These movies also bothered me because while they summoned up memories of what it was like to fall in love—the moments of giddy anticipation and being nervous in a nice, breathless way—they underlined the fact that that was in the past and unlikely to be experienced again. I’d walk out of the theater wistful and somewhat dissatisfied over the chasm between screen love and real life. And I was annoyed that most romantic comedies didn’t help me appreciate the way love looked after familiarity set in.
Eric and I didn’t make it to our twelfth anniversary. Who can ever assemble and weigh all the factors that end a marriage? Lack of commitment. Sheer fatigue. Incompatibility. Unrealistic expectations of marriage. An extramarital relationship. Inability to negotiate and compromise. Breakdowns in communication. Failures to convey love and respect. The notion that someone else outside of your marriage just might be more compatible to you…
Ironically, I find myself a divorced woman who doesn’t believe in divorce. Instead I believe that love is a commitment that transcends day-to-day emotions and incompatibilities and difficult seasons. It’s figuring out how to reconcile those “irreconcilable differences” and learning how to lay down your will and your pride so you can love your spouse in a way that helps him/her grow in glory…grow in God-likeness.
If I have a bone to pick with romantic comedies, it’s that the stories overwhelmingly sell the notion of romantic chemistry, soulmates, and finding your “one true love” who fulfills you. It messes us all up.
My single friends fall in love, but when inevitable incompatibilities begin to surface, they’re shaken. How do you know which differences are deal-breakers versus just the stuff that everyone deals with? They stand on the verge of commitment with trepidation about plunging in—the person they’re dating is a mixture of wonderful and flawed, but what if a more perfect mate exists out there? In your early 20s, you think you’re unsure because you haven’t experienced much of life yet. But honestly, a decade (or almost two) later, the same questions about compatibility exist. At some point, you have to be level-headed enough to look for the significant qualities and then be ready to accept the rest of the package. But the movies unnerve you. On the big screen, Soulmates just know that they’re right for each other, so my single friends stay single waiting for a perfect love that feels just right.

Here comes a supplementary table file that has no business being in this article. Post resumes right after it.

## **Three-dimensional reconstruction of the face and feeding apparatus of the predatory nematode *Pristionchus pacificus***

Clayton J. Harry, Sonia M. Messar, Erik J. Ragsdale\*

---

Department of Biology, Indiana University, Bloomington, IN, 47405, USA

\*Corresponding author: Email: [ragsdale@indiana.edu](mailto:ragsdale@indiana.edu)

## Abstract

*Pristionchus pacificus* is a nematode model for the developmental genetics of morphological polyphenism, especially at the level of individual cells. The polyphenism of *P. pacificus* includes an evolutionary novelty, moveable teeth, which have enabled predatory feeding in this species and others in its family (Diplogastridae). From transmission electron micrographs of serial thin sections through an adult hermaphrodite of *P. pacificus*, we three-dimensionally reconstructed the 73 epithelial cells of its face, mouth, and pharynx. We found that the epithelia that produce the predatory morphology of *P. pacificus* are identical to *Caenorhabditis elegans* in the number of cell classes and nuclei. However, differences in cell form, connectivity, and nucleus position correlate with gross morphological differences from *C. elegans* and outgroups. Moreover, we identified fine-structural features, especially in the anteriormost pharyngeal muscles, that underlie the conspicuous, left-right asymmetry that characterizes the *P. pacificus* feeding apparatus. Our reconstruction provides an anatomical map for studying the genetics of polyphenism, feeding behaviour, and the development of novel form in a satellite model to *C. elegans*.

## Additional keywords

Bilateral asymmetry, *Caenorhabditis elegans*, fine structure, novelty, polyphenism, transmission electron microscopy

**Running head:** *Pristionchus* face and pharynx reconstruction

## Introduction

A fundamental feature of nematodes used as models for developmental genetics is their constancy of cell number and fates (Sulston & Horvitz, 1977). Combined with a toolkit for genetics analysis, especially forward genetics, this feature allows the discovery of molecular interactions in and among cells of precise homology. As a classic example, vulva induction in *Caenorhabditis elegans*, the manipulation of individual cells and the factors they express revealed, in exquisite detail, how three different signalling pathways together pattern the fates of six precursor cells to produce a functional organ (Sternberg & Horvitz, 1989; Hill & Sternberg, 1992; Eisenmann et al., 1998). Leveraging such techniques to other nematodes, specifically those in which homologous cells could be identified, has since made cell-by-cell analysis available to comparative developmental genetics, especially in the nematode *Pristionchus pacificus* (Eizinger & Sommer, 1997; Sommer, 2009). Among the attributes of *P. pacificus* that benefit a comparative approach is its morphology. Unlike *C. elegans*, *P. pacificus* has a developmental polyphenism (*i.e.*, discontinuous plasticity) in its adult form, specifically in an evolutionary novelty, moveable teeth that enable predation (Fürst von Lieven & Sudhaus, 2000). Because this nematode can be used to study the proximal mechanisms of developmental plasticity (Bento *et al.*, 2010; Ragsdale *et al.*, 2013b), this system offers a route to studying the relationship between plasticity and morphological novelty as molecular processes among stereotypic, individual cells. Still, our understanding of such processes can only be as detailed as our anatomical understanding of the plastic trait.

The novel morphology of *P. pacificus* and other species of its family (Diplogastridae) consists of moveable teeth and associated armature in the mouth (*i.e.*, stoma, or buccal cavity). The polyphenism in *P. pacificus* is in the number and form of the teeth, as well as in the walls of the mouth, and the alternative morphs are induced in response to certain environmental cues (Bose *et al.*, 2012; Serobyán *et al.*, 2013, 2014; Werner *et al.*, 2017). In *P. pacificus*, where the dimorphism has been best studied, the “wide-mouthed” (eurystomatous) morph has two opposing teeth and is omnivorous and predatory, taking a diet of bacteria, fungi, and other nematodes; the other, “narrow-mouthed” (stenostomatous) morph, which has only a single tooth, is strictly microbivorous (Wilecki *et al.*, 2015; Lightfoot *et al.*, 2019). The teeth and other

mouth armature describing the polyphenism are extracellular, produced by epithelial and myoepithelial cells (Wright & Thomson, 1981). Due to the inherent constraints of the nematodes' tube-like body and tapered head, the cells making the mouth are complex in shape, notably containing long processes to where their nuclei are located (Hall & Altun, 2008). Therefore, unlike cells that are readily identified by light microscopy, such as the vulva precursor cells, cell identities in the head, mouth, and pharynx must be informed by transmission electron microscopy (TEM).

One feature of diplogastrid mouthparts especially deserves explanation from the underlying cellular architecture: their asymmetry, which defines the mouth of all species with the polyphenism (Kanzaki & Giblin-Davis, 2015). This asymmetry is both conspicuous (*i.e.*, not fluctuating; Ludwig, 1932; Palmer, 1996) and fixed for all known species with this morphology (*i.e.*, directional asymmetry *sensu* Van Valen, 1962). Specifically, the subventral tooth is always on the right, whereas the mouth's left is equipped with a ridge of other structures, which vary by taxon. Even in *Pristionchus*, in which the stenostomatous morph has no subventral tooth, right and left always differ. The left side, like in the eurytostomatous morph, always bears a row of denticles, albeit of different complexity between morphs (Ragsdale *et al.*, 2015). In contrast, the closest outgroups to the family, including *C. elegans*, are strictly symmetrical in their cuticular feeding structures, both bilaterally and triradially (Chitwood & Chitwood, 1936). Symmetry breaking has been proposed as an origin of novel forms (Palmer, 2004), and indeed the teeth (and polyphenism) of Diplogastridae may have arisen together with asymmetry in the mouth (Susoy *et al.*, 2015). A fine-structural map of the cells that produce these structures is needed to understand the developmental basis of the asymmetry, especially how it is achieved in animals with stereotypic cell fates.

A number of my married friends opened up their lives to me when I was going through my divorce. So many of them struggled with immense loneliness within their marriages; infidelities; selfish spouses and just day-to-day struggles. I can’t help but think that romantic comedies set you up to expect more happiness and less work out of relationships…and that’s just not real in the long run. I’m not cynical about love. I think that marital bliss does exist, as does joy in a marriage. But joy is sometimes different than happiness. And romance requires a degree of commitment and work to flourish.
Concluding thoughts? Well, I have none. It’s an an-going discussion in my head, and I’m still mulling for now. So it’s your turn to help me process my thoughts. I’m interested in hearing what you readers thinks: Do Soulmates exist? How did you know when you married that you were marrying the “right” person? Is there such a thing as a “right” person? What incompatibilities are intolerable? Are romantic comedies good? Bad? Neutral? How do they affect the way you look at love? What are the best/worst movies about love?
Looking forward to hearing from you.